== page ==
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En kärlekshistoria (1970)
A Swedish Life Story
Quite a few years ago, when I fell in love with Roy Andersson, it was mainly in relation to his late aestheticism, his realist-absurdist films Sånger från andra våningen and Du levande, but also his brilliant short films. Now that I finally got round to this early film of his, I can only confirm that I am no longer in love, rather that I definitely love this director.
Kärlekshistoria is a cinematic experience very much different than his later work and, at the same time, to a considerable extend related to it. This apparent ambiguity lies in the different realist/absurdist relations. While Sånger/Du levande present very real aspects of life in all their absurdity, in Kärlekshistoria it is content, rather than form that is dominantly absurd(ist). In this particular film, you will not meet a colourful cast of no-name people painfully engaged; entrapped into their miserable lives that do not seem to go anywhere. No old people dragging their dogs in the street, or weird-looking strangers in bars. However, this is not to say that that brand of cinematic opulence is absent from En kärlekshistoria. Quite the contrary, the characters do indeed feel the same things, do the same things, fail at the exact same things. In fact, I would go so far as to imply that both his earlier and his recent films revolve around the same: the dramatic irony that represents the essence of (failed) human condition.
The (prominent) love storyline is set in the only context possible: childhood. This storyline is dominant, in terms of screen time as well as in terms of soundtrack; you basically watch two teenage souls fall in love, or something akin to it, if at times too much aided by music. At first the setting did not seem very Anderssonesque, though, almost alien to the image I'd remembered and cherished the director. What is more, I will concede to being slightly annoyed at the whole construction of the film. Naturally, after some time I acknowledged how misled I was.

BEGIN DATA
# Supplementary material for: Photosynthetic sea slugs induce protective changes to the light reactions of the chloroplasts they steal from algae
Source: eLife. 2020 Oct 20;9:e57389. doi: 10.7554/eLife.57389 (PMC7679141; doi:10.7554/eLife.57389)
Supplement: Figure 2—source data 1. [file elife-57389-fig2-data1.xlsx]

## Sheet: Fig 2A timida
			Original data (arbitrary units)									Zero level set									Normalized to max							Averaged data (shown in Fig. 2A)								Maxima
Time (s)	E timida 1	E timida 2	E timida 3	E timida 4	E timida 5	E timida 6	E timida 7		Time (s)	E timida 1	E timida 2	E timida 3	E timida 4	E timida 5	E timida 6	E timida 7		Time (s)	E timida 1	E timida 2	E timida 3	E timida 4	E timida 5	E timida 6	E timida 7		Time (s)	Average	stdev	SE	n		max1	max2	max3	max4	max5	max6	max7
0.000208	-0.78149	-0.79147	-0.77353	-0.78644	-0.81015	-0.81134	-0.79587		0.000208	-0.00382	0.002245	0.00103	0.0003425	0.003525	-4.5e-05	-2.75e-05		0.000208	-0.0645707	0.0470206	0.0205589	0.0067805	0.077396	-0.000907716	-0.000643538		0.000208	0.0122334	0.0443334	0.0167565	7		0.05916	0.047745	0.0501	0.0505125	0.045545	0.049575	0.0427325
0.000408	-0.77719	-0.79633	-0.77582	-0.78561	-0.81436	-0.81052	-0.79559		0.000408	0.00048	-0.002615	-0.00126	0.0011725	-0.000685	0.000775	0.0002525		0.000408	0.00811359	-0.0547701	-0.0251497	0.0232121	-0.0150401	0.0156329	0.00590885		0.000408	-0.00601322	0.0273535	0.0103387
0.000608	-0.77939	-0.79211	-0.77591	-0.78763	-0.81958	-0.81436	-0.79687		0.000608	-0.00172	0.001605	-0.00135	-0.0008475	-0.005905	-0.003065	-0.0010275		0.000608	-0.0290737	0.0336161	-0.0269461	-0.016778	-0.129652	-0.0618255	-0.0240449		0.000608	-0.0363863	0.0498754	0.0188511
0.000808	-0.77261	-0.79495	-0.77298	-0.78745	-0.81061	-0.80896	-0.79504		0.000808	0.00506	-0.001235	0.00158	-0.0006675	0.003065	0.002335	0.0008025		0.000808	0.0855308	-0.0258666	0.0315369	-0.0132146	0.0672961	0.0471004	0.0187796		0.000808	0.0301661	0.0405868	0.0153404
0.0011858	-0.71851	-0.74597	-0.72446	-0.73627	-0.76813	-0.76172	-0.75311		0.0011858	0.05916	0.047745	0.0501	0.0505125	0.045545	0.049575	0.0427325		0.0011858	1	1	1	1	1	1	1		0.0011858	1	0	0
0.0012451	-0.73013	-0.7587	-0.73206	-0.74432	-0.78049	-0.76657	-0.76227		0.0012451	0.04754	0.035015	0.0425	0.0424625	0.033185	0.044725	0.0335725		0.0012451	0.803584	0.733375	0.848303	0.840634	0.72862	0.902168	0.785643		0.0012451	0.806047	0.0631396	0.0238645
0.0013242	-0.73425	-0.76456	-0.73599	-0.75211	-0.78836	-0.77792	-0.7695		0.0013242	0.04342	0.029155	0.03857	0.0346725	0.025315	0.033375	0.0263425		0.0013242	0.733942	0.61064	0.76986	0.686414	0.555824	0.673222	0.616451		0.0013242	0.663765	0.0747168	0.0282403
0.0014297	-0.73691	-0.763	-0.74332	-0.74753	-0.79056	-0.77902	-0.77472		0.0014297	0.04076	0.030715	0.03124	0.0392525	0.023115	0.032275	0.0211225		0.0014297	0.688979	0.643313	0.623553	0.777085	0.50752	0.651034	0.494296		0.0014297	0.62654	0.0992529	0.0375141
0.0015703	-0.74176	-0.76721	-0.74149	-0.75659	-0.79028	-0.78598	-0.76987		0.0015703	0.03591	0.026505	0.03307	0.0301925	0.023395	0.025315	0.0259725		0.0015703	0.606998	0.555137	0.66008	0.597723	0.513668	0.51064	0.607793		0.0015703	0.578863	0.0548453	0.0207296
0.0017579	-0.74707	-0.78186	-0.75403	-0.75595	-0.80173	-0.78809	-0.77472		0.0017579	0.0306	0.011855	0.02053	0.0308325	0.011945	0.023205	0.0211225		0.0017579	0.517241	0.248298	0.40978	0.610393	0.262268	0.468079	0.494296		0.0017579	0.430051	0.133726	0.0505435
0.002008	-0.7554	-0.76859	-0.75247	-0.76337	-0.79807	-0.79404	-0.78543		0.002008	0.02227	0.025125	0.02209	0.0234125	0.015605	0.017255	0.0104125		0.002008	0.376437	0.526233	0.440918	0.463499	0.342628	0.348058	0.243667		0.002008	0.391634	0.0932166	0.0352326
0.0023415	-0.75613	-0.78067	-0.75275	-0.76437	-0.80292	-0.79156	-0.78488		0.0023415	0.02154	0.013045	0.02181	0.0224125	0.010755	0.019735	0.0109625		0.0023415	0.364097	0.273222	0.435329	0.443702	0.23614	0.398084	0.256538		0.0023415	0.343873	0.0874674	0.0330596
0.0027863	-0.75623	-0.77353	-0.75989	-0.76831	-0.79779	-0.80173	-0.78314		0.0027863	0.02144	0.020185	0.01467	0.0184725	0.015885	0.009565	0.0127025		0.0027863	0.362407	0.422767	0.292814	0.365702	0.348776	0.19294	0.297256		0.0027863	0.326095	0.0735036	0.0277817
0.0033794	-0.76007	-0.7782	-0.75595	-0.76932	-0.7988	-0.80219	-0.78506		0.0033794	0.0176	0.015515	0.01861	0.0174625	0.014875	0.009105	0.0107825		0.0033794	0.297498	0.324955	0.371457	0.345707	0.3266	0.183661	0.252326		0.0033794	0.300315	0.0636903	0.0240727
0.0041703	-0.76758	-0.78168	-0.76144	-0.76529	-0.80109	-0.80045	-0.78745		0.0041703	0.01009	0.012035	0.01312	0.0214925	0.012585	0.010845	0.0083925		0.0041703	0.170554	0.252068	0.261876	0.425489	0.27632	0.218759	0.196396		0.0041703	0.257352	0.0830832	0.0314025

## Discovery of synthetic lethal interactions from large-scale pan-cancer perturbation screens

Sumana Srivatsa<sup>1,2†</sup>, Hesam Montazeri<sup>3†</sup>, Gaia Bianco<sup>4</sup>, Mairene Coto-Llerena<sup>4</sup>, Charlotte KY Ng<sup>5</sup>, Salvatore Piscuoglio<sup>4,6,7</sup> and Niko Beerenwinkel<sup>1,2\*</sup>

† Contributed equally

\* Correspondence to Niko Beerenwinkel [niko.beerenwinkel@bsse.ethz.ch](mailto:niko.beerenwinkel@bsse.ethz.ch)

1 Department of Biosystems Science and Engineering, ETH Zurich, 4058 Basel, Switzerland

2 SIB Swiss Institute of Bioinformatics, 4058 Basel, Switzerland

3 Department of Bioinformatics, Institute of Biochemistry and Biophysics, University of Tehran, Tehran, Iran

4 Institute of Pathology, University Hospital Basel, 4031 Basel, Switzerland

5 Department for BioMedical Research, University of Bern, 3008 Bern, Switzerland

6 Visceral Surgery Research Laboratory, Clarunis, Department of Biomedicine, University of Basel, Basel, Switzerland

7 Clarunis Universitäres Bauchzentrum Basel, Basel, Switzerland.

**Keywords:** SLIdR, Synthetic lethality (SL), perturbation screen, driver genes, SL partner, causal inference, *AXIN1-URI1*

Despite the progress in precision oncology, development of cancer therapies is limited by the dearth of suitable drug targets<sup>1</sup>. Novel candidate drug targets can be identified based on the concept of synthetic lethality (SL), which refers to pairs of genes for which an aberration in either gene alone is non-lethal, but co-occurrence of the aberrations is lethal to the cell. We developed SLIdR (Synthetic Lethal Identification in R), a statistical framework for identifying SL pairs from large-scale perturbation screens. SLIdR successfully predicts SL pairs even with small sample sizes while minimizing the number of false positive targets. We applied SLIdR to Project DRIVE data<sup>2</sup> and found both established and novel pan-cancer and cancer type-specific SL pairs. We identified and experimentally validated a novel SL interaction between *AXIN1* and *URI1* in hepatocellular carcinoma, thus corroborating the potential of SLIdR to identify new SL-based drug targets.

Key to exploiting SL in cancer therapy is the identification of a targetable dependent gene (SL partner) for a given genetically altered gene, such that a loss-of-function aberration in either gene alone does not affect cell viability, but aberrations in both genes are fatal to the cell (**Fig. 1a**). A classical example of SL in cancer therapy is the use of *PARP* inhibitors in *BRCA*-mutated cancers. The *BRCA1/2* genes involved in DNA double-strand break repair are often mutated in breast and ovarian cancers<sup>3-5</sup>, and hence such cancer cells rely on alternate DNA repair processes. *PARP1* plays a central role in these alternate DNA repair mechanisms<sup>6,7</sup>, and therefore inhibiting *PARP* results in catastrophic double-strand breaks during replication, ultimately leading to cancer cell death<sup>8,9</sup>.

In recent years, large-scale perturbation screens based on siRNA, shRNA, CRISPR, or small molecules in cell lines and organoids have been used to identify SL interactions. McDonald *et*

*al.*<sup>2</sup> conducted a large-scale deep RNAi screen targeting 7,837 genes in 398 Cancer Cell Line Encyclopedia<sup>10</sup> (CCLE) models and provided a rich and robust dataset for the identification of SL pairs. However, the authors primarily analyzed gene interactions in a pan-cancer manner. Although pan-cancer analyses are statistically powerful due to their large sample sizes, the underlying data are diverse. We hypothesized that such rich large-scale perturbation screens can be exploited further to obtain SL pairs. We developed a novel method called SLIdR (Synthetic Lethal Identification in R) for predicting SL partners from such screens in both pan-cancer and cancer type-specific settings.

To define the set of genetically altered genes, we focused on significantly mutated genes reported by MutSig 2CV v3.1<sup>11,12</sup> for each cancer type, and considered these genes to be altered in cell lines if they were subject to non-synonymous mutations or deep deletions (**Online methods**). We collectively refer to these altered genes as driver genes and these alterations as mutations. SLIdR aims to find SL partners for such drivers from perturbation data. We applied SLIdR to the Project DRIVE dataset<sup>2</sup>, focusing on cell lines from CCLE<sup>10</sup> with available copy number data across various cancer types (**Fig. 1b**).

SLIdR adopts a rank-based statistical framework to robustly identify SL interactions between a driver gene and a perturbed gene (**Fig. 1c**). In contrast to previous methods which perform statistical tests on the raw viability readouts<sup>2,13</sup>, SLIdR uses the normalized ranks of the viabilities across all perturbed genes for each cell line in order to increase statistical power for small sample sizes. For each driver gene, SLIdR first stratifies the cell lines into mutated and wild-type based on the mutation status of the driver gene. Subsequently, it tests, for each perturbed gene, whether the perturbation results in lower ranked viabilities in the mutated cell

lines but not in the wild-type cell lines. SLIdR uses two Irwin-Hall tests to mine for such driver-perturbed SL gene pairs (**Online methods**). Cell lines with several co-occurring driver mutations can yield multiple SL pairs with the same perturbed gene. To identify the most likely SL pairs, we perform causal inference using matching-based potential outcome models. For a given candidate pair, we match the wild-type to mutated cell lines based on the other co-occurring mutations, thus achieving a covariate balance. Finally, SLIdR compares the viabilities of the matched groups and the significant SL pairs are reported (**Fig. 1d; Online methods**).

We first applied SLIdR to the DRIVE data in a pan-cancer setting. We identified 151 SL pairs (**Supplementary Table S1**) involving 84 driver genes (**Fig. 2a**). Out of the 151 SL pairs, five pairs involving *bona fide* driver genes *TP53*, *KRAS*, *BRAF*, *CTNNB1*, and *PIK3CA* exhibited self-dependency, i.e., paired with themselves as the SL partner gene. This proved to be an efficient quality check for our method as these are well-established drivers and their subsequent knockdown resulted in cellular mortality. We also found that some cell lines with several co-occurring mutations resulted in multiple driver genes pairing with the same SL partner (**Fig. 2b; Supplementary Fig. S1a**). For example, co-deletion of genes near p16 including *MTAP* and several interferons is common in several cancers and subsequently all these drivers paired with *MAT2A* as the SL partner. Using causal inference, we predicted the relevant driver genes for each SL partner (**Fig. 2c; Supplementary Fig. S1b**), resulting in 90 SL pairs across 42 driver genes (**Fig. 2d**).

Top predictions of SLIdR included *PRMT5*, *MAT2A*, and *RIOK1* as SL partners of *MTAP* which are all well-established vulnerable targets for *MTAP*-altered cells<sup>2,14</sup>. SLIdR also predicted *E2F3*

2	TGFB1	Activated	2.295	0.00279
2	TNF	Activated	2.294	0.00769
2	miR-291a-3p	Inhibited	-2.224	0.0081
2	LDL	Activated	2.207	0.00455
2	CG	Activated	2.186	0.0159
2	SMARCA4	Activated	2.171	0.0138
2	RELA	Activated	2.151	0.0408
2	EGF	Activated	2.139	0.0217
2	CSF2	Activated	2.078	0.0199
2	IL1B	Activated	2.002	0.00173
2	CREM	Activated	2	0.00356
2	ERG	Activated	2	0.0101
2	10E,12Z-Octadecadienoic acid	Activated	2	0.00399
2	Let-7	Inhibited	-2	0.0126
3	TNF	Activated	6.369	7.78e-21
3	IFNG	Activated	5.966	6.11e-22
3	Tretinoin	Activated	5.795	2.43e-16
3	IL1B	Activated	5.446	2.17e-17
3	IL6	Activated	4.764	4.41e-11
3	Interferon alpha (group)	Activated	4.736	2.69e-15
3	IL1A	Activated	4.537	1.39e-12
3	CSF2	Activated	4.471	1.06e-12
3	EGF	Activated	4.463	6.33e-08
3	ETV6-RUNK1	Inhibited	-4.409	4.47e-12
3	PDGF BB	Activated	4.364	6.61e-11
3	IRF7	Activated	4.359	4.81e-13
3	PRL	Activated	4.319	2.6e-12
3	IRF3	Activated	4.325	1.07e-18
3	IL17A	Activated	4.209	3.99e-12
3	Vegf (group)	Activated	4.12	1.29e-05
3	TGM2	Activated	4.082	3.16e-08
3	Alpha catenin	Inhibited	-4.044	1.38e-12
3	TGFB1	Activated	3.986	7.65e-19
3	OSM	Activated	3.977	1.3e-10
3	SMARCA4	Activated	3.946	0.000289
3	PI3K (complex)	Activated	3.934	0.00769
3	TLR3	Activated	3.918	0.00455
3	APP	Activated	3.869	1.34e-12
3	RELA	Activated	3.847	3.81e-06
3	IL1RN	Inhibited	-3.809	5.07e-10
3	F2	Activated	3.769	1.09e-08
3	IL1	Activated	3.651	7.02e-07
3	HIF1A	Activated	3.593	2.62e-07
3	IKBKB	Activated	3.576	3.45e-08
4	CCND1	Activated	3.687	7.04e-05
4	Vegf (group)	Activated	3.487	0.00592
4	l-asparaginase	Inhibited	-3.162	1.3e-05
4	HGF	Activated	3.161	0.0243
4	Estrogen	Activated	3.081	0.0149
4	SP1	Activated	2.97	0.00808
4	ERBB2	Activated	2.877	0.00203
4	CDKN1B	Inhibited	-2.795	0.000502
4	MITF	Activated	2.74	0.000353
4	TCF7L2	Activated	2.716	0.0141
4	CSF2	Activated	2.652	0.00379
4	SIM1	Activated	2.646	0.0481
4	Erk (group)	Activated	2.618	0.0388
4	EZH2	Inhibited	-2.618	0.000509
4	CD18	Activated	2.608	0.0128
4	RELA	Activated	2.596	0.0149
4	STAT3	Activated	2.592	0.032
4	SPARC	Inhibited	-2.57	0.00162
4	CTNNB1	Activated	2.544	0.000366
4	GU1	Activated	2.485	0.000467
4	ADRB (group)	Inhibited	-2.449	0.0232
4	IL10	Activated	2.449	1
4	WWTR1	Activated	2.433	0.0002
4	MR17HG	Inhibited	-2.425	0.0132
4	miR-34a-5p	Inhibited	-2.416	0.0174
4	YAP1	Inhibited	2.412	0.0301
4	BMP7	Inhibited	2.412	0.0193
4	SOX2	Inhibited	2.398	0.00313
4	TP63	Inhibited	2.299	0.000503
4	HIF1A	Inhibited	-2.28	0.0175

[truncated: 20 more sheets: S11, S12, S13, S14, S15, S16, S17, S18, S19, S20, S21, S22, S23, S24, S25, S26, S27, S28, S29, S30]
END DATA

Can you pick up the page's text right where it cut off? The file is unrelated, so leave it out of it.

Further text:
Actually, it was not until the last half an hour of the film that it, at long last, started to dawn upon me, when En kärlekshistoria's subtle and darker implications started unfurling. I felt like a stranger to the world of adults, as opposed/juxtaposed to the world of the young love- birds that I got to know and relate to. Mayhap I was too distracted at that point to fathom it, or to even recognise its presence/omnipotence, but, at any rate, I am quite sure this narrative device is deliberate. The music, I believe, served to push the boy-meets-girl story to the fore, leaving the adults to mind their own business and, consequently, the viewer not to.
Bottom line should be the tagline. Moments of truth. It is also worth mentioning that this is one of the few titles whose taglines actually do a pretty darn good job at announcing what it will be about. It is precisely about the moments of truth, about the cracks in one's life, details that at some point overload one, demanding one's full and undivided attention. En kärlekshistoria gives one the dots, but at the end it is one who is left with the job of finding and connecting them into a whole. Once you accomplish that, the magic and the potency of this film is sure to follow.
The Cabin in the Woods (2012)
From scary to outrageous.
This movie is not utter crap, but it's not a work of genius either. It's far-fetched, and I don't mean it in the way that it features supernatural beings, no, but in the way that its unpredictability is so predictable. It's as if the creators of the movie couldn't really decide what to do with it except to make it as ludicrous as possible. Furthermore, while I am aware of Whedon's commentary, explicitly stated ideas of the movie, I consider it not important. Because, frankly, this movie couldn't function as a satire even if it got to the top of Mount Everest and shouted angrily at the world for not being what it was supposed to be.
I mean, the big red button? Convenient but completely needless. The machinery and the scenery was obviously just built to be destroyed. So expect the expected here. I mean, conditioning people to do what is necessary so that the show goes on? I mean, Sigourney Weaver telling us it's the end of times? I mean, appeasing the gods by means of an ancient ritual, okay, okay, but then what the hell are them all people doing there? How did they get there? They just gathered to save the world? It's incomplete, the movie, littered with inconsistencies that can hardly be called intentional. No explanations are offered, no delving into the matter. All in all, very superficial in nature. Also, the movie funny? Seriously, if this is considered to funny I really. Eh. Not even going to deign to finish that sentence. It has its moments to be sure, but then again watching wallpapers crumpling has its moments too.
It starts out promising, though, as promising a cabin movie can seem. But the more you see it, the less you like it. And I wouldn't agree with whoever said that the characters were likable. The plot does not allow for that. In fact, the plot forbids it. It manages to ruin their potential with clichés and clichéd anti-clichés, be it intentionally or unintentionally. At the very end, when they are about to die, my reactions were poker face. No feeling of sorrow or compassion.
Oh Hollywood, why such lack of original originality I'll never know.